Cohort I is a population-based cohort from Missouri. Cohort II is a case-control cohort from the Neonatal Intensive Care Unit at St. Louis Children's Hospital and from patients referred from other centers.

Inclusion Criteria:

  • Normal pulmonary function or a diagnosis of RDS

Exclusion Criteria:

  Contacts and Locations
Choosing to participate in a study is an important personal decision. Talk with your doctor and family members or friends about deciding to join a study. To learn more about this study, you or your doctor may contact the study research staff using the Contacts provided below. For general information, see Learn About Clinical Studies.

Please refer to this study by its identifier: NCT00014859

United States, Missouri
Washington University School of Medicine Recruiting
St. Louis, Missouri, United States, 63110
Contact: F. Sessions Cole, MD    314-454-6148   
Sponsors and Collaborators
Washington University School of Medicine
Principal Investigator: F. Sessions Cole, MD Washington University School of Medicine
  More Information

Sen P, Yang Y, Navarro C, Silva I, Szafranski P, Kolodziejska KE, Dharmadhikari AV, Mostafa H, Kozakewich H, Kearney D, Cahill JB, Whitt M, Bilic M, Margraf L, Charles A, Goldblatt J, Gibson K, Lantz PE, Garvin AJ, Petty J, Kiblawi Z, Zuppan C, McConkie-Rosell A, McDonald MT, Peterson-Carmichael SL, Gaede JT, Shivanna B, Schady D, Friedlich PS, Hays SR, Palafoll IV, Siebers-Renelt U, Bohring A, Finn LS, Siebert JR, Galambos C, Nguyen L, Riley M, Chassaing N, Vigouroux A, Rocha G, Fernandes S, Brumbaugh J, Roberts K, Ho-Ming L, Lo IF, Lam S, Gerychova R, Jezova M, Valaskova I, Fellmann F, Afshar K, Giannoni E, Muhlethaler V, Liang J, Beckmann JS, Lioy J, Deshmukh H, Srinivasan L, Swarr DT, Sloman M, Shaw-Smith C, van Loon RL, Hagman C, Sznajer Y, Barrea C, Galant C, Detaille T, Wambach JA, Cole FS, Hamvas A, Prince LS, Diderich KE, Brooks AS, Verdijk RM, Ravindranathan H, Sugo E, Mowat D, Baker ML, Langston C, Welty S, Stankiewicz P. Novel FOXF1 mutations in sporadic and familial cases of alveolar capillary dysplasia with misaligned pulmonary veins imply a role for its DNA binding domain. Hum Mutat. 2013 Jun;34(6):801-11. doi: 10.1002/humu.22313. Epub 2013 Apr 12.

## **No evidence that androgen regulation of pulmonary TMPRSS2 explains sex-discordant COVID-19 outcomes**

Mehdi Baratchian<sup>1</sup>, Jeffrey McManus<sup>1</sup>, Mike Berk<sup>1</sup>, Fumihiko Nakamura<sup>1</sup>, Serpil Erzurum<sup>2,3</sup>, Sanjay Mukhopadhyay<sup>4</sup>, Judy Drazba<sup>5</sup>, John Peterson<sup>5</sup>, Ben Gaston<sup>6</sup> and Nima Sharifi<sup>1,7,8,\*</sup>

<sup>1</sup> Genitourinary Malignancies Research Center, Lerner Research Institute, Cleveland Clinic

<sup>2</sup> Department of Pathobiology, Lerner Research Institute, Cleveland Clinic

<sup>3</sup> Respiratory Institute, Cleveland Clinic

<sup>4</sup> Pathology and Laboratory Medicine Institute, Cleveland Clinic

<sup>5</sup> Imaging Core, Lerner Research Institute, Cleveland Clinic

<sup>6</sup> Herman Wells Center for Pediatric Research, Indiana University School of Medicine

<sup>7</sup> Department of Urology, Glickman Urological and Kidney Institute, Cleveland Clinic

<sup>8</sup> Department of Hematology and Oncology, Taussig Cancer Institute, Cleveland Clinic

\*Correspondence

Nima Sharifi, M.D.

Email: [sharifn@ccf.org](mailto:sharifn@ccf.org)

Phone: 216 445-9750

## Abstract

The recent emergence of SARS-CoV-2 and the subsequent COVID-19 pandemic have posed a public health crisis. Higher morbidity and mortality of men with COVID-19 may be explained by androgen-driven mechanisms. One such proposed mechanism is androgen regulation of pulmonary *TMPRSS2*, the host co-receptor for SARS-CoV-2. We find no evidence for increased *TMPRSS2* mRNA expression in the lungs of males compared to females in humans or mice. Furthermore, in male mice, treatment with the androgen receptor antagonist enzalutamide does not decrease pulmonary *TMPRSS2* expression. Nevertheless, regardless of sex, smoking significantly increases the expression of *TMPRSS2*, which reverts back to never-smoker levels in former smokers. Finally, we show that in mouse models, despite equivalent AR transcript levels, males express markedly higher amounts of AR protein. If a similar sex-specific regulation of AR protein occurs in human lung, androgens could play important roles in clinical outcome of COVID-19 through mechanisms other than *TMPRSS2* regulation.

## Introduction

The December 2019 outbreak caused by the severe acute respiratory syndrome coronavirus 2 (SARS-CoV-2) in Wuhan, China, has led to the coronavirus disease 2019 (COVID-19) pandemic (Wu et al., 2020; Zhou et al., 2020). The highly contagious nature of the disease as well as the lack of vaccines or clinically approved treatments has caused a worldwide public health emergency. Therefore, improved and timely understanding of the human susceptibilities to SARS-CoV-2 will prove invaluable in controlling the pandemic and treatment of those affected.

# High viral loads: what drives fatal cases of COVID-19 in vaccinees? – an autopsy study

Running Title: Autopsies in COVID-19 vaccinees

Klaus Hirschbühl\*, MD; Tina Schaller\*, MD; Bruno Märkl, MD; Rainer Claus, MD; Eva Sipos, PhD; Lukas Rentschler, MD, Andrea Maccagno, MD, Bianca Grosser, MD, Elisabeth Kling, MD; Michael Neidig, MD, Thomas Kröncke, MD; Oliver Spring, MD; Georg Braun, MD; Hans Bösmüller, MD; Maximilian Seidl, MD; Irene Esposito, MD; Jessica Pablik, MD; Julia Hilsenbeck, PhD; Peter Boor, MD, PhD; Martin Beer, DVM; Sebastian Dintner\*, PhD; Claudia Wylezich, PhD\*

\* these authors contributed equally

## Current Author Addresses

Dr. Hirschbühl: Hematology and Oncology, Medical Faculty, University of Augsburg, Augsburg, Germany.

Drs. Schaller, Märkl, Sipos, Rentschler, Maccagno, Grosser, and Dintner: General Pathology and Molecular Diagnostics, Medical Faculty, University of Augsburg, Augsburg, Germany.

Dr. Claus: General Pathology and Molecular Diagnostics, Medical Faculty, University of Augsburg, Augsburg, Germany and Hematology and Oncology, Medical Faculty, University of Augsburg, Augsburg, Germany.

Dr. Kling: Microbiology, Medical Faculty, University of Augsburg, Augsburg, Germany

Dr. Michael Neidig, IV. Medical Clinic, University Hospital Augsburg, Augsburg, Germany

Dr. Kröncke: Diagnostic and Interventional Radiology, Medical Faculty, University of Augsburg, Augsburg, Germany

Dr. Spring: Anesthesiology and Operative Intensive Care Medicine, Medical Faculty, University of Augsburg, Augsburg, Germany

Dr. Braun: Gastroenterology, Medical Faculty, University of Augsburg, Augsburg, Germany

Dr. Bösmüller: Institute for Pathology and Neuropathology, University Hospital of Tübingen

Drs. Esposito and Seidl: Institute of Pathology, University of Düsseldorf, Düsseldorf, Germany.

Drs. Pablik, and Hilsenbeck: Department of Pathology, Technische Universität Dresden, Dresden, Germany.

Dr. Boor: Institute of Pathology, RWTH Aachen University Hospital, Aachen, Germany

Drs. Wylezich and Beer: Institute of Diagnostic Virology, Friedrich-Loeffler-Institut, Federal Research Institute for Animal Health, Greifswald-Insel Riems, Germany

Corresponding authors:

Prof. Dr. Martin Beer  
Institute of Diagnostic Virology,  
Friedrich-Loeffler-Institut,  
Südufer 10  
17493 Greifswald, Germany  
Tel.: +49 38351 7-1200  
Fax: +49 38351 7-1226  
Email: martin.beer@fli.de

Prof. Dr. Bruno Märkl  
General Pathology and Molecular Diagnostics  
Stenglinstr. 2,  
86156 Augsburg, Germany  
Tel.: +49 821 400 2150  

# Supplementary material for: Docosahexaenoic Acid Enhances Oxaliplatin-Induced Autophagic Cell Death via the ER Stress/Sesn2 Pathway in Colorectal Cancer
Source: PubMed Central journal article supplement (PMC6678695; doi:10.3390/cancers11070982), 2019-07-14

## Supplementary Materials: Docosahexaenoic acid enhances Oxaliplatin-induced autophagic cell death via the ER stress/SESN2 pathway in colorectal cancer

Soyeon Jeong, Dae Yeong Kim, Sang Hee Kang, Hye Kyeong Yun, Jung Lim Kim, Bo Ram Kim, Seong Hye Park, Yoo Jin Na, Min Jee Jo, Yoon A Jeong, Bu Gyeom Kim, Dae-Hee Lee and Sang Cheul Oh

Responsible Party: F. Sessions Cole, MD, Professor of Pediatrics, Washington University School of Medicine Identifier: NCT00014859     History of Changes
Obsolete Identifiers: NCT00200915
Other Study ID Numbers: 967 
Study First Received: April 11, 2001
Last Updated: June 1, 2015
Health Authority: United States: Federal Government

Keywords provided by Washington University School of Medicine:
Pulmonary surfactant
Surfactant protein B
Surfactant protein C

Additional relevant MeSH terms:
Lung Diseases
Pulmonary Alveolar Proteinosis
Respiratory Distress Syndrome, Adult
Respiratory Distress Syndrome, Newborn
Infant, Newborn, Diseases
Infant, Premature, Diseases
Respiration Disorders
Respiratory Tract Diseases
Pulmonary Surfactants
Pharmacologic Actions
Respiratory System Agents
Therapeutic Uses processed this record on May 05, 2016